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Bremer Blames Bush, Rumsfeld



Washington (UPI) Jan 16, 2006
Former Coalition Provisional Authority boss L Paul Bremer is now trashing the Bush administration for its mistakes in Iraq, but even his public statements are inconsistent with what he wrote in his new book of memoirs.

In his new book of memoirs, "My Year in Iraq", Bremer is highly critical of decisions made by Defense Secretary Donald Rumsfeld, especially those concerning U.S. troop levels and the allocation of resources for battling the early Sunni Muslim insurgency.

Bremer reveals in the book a policy conflict between administration officials particularly, Rumsfeld and then National Security Advisor Condoleezza Rice, over the number of troops needed in Iraq after the fall of Baghdad to U.S. forces in spring 2003. He also makes frequent reference to a study by the RAND Corporation that recommended tripling the U.S. troop levels that were sent to Iraq. That recommendation -- which urged troop levels of around 400,000 in Iraq, was also ignored by the administration.

Also in the book, Bremer is not afraid to reveal his frank conversations with President George W. Bush expressing his doubts about U.S. military strategy in Iraq. But his warnings, he wrote, were not heeded. Bremer was also critical of restrictions and regulations dictating procedure for government re-construction contracts.

Almost immediately, Bremer writes, resources were needed to protect U.S. troops from the insurgency but they had to be wrenched away from the unsuccessful efforts to find chemical and biological weapons.

Bremer claims in the book that as early as July 2003, he was aware of the need to "refocus resources" to battle the insurgency. He claims that he recognized the need to protect U.S. troops from insurgent rocket-propelled grenade (RPG) attacks over the search for weapons of mass destruction.

Bremer also argues that the failure of coalition forces to crush the insurgency in it's early days was primarily caused by Washington's inattention to his requests for more troops and to prioritize resources away from the search from the non-existent WMDs.

Speaking at the National Press Club Jan. 10, Bremer defended his widely criticized decision to disband the old Iraqi Army of Saddam Hussein. He also took credit for the creation of the current, U.S.-organized and trained new New Iraqi Army.

Bremer claimed the old army had disintegrated during the U.S. drive to Baghdad in March-April 2003 and that therefore there was no effective national force left to disband. He argued that recalling or reconstituting that army of primarily conscripted Shiite soldiers and Sunni officers empowered by Saddam would have been a sure "recipe for civil war."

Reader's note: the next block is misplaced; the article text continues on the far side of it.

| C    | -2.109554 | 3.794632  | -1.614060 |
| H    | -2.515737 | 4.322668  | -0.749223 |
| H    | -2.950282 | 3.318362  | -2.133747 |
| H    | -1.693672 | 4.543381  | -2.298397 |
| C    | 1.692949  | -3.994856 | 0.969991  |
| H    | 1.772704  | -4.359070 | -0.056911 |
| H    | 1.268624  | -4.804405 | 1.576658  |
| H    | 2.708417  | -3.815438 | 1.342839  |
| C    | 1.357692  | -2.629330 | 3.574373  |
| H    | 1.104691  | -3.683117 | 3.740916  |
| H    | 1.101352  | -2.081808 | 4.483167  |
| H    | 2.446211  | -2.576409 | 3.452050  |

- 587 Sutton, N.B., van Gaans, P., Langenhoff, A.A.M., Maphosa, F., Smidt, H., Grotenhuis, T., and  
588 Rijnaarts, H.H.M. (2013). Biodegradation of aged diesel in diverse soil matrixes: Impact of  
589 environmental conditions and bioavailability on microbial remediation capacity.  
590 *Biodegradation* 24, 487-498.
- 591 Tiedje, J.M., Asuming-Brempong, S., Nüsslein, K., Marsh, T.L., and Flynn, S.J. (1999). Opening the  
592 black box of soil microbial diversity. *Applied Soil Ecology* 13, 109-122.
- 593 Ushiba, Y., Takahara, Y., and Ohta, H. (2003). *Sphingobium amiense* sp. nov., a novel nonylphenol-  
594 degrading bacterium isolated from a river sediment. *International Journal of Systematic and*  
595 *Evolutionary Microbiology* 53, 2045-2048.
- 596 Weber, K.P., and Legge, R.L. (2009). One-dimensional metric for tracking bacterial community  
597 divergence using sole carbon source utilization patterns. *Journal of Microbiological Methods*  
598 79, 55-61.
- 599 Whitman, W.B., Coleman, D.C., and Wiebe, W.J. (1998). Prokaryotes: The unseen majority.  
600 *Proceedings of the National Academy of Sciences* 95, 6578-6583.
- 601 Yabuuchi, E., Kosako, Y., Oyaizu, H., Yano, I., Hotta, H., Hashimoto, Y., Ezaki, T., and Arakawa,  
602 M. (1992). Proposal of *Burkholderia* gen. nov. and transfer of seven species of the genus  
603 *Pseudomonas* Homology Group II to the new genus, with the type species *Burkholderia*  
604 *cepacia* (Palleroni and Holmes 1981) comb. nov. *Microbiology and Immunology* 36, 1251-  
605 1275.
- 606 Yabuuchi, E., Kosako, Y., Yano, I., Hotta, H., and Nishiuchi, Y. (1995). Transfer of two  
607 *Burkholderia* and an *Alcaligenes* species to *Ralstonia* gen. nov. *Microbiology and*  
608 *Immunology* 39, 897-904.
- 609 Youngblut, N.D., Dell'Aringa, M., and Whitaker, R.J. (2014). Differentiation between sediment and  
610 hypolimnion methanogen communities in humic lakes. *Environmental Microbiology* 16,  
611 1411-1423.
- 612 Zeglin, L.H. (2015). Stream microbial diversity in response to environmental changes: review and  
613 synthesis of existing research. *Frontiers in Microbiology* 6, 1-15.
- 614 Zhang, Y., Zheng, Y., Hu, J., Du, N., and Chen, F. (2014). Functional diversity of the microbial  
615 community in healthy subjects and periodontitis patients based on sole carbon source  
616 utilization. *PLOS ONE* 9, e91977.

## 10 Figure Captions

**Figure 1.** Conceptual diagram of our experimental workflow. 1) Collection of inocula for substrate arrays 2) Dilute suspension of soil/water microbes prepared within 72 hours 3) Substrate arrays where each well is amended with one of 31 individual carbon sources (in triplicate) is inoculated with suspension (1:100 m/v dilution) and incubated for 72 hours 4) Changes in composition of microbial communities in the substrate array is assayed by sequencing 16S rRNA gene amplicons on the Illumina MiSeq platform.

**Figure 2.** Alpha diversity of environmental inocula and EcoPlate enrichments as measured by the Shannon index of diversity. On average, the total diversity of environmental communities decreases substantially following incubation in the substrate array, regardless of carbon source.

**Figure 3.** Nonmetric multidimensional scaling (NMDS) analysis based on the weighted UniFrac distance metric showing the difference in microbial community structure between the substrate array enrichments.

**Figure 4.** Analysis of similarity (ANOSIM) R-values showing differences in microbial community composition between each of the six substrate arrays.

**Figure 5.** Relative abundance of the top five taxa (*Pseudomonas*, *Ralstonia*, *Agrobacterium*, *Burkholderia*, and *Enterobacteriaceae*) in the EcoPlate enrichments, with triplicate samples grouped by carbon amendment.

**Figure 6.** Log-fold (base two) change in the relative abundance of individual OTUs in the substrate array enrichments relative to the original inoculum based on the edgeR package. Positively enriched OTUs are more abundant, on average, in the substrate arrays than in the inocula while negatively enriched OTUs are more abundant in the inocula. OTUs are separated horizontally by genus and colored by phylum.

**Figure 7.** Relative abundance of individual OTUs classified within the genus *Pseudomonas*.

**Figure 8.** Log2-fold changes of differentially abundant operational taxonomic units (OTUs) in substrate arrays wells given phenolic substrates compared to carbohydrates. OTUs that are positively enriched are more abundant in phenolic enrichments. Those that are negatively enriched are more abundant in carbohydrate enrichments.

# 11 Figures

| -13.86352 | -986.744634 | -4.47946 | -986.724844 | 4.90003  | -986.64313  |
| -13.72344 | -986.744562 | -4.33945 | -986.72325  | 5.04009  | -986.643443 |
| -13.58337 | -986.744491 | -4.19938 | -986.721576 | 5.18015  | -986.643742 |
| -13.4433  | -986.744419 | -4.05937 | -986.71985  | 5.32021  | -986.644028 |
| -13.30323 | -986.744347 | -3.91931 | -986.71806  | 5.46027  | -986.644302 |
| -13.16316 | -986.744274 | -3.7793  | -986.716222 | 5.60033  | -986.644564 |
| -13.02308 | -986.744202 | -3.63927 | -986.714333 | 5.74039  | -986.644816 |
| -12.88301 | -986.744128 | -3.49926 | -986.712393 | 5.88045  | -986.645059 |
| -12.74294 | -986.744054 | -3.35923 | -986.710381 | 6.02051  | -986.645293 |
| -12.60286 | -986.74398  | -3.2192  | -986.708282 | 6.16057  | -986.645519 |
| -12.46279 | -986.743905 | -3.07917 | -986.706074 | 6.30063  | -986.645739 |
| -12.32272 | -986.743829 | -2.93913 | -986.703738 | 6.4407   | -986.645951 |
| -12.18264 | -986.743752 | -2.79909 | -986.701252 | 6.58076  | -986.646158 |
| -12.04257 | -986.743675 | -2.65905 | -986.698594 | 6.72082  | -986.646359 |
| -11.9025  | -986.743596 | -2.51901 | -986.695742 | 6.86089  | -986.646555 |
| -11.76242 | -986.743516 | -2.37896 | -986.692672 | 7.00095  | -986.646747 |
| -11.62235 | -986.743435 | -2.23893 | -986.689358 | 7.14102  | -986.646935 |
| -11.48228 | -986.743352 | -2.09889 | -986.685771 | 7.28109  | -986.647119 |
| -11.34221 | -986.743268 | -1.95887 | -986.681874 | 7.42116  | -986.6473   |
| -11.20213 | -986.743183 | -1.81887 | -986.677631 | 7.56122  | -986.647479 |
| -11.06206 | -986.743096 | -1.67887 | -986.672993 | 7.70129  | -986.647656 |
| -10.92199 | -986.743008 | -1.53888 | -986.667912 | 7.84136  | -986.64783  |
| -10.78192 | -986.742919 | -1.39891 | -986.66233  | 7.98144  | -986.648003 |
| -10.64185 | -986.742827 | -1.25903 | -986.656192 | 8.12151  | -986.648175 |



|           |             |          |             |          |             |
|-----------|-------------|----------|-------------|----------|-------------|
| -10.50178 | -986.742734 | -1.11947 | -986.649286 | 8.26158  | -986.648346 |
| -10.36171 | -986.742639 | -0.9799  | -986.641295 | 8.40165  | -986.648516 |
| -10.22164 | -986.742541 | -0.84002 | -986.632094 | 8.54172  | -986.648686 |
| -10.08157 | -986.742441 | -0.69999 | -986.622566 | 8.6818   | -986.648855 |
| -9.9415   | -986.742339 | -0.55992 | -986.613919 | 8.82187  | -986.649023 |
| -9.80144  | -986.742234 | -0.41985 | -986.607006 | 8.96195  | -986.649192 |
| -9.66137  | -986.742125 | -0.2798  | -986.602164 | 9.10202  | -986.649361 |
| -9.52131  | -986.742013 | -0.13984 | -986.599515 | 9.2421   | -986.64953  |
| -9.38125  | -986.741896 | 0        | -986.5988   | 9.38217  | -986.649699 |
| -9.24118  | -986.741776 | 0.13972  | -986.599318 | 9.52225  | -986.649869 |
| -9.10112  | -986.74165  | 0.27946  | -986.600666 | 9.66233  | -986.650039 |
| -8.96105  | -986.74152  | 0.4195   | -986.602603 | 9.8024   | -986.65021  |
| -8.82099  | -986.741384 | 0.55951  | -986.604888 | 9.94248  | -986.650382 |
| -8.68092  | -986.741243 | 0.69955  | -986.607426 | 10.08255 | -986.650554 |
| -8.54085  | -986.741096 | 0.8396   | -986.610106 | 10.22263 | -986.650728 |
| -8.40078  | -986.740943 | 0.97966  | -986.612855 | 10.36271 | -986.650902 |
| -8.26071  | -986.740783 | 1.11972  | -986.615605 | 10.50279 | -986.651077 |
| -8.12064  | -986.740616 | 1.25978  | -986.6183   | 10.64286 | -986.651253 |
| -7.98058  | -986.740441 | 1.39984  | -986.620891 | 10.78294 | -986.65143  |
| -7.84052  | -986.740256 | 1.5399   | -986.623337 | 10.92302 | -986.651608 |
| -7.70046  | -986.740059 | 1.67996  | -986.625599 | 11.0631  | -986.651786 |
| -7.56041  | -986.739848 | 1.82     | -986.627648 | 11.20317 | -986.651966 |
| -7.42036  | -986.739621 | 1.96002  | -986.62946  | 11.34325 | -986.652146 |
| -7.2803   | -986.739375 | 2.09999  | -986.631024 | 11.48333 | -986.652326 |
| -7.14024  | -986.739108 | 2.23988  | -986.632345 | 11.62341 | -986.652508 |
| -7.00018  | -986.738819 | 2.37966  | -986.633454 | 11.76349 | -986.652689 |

However, on Jan. 10, he told his National Press Club audience that "80 percent of the total force and 100 percent of officers and NCOs" in the new Iraqi Army of which he was so proud "come from the old forces."

Unlike President Bush, Bremer seemed to have no trouble in saying the words, "I made a mistake." He acknowledged that turning the enforcement of his de-Baathification policy over to a group of Iraqi politicians was a mistake. The group implemented the removal of Baathists much more broadly than Bremer and his office had intended, he claimed.

Bremer expressed frustration in his NPC address with the reluctance of non-U.S., particularly Spanish, forces to maintain "robust rules of engagement" and act offensively against the insurgents.

Bremer was also critical of Iran saying Tehran "played an unhelpful role" in controlling borders and security.

Bremer was of course faced with one of the most difficult tasks in diplomacy. He was tasked with organizing a cohesive, self-governing society in a nation with almost no infrastructure, even less available resources, a worthless currency and an active violent resistance. There appears to be a widespread consensus in both America and Iraq that he failed disastrously. Now, in his book and public appearances, he is trying to defend his record and spread the blame around.

Source: United Press International

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Deconstructing Iraq

Washington (UPI) Jan 16, 2006
A number of political analysts believe that Iranian President Mahmoud Ahmadinejad was selected by the ruling theocracy in Tehran in order to aggressively push forward an agenda consisting of three action points.







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